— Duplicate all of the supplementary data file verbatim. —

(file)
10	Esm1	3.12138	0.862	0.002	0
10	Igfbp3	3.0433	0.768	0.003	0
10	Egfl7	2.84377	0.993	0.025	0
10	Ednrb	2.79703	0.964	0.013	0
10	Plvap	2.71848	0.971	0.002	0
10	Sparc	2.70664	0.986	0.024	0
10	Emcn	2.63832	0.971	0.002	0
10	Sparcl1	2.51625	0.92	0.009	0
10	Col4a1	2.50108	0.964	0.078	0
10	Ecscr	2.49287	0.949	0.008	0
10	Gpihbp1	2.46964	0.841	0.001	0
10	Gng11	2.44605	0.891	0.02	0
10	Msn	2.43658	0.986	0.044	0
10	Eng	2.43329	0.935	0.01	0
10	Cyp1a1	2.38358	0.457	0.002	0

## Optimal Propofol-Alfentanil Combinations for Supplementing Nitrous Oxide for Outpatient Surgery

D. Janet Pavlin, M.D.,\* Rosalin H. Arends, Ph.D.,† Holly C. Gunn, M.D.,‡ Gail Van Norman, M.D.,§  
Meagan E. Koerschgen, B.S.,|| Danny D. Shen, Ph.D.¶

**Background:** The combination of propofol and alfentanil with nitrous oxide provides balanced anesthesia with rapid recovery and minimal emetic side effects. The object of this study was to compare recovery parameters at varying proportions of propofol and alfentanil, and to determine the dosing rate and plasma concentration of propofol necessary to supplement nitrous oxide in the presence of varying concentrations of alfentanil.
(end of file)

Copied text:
10	Esm1	3.12138	0.862	0.002	0
10	Igfbp3	3.0433	0.768	0.003	0
10	Egfl7	2.84377	0.993	0.025	0
10	Ednrb	2.79703	0.964	0.013	0
10	Plvap	2.71848	0.971	0.002	0
10	Sparc	2.70664	0.986	0.024	0
10	Emcn	2.63832	0.971	0.002	0
10	Sparcl1	2.51625	0.92	0.009	0
10	Col4a1	2.50108	0.964	0.078	0
10	Ecscr	2.49287	0.949	0.008	0
10	Gpihbp1	2.46964	0.841	0.001	0
10	Gng11	2.44605	0.891	0.02	0
10	Msn	2.43658	0.986	0.044	0
10	Eng	2.43329	0.935	0.01	0
10	Cyp1a1	2.38358	0.457	0.002	0

## Optimal Propofol-Alfentanil Combinations for Supplementing Nitrous Oxide for Outpatient Surgery

D. Janet Pavlin, M.D.,\* Rosalin H. Arends, Ph.D.,† Holly C. Gunn, M.D.,‡ Gail Van Norman, M.D.,§  
Meagan E. Koerschgen, B.S.,|| Danny D. Shen, Ph.D.¶

**Background:** The combination of propofol and alfentanil with nitrous oxide provides balanced anesthesia with rapid recovery and minimal emetic side effects. The object of this study was to compare recovery parameters at varying proportions of propofol and alfentanil, and to determine the dosing rate and plasma concentration of propofol necessary to supplement nitrous oxide in the presence of varying concentrations of alfentanil.